Harvest Report 2023

Dry, dry, wet, wet, dry.

Another crazy meteorological ride this year – it really seems more and more that each year is truly a unique expression of place and time, and more often nowadays, marked by extremes.

We averaged a measly 10mm of rain a month for the first four months of the year, when we hope to bank a good volume of rain before the heat arrives and the growing starts. And then were hit with 100mm of rain in each of May (second half – so didn’t interfere with flowering at Unang apart from a little in the late Clairette in the valley) and June. We can get wet Mays but very rarely a wet June – and never both. The vines were enjoying this (brief) excess of water and the grape load was looking very healthy. Yet the damp and warm conditions meant that mildew was looking to attack.

As a result of the rain, even in July the southern Rhone was looking lush and verdant, a very rare sight. But later in the year there was an odd statistic for France: the first 20 days in September were hotter than the first 20 days in either July or August. And October wasn’t too far behind either.

Those who were doing no treatments quickly found the mildew was rife and the leaf canopy compromised – worse still, the fruit hit. Our plan of maintaining light treatments saw some mildew on the leaves but not the grapes, and as a result we took no leaves off later in the year to compensate. We usually take lower leaves off in August to increase airflow around the bunches – a key benefit of leaving them on this year was that the fruit was shaded from the burning sun, the threat of which continued into October.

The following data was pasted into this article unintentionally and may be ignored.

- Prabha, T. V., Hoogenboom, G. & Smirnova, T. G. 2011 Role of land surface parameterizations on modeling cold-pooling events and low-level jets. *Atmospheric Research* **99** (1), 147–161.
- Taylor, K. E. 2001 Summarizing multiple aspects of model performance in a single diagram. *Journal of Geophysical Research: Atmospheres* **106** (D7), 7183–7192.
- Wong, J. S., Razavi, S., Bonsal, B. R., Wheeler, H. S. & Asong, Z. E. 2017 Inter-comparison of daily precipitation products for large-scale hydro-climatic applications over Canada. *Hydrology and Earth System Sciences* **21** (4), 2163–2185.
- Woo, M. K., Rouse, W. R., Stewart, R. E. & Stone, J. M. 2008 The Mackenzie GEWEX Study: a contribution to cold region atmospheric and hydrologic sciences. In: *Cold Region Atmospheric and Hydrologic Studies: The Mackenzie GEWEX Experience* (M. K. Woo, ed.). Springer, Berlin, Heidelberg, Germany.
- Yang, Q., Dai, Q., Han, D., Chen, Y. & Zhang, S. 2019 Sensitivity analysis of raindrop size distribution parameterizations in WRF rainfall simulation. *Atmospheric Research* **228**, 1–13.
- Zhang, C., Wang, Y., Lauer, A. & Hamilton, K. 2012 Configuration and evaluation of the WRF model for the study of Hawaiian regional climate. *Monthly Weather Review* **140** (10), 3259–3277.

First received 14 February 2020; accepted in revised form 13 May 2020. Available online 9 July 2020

Then after the rain at the end of June not a drop for two months… our big crop then just got smaller and smaller as the rest of the year played out in drought conditions. We had one rain event in each of August and September that exceeded 10mm, these very slightly paused the shrinking bunches but meaningful rain only came at the end of October – after harvest was over.

The rain in May/June did give just about enough moisture for the vines to get through the season, but more would have been better. Particularly as we had our (now normal) burst of 40°C heat at the end of August. The clearest sign of stress was in the Roussanne where the bunches exposed to the sun partly shrivelled over a period of 4 days during a hot week at the start of September – which cost us about 20% of that crop.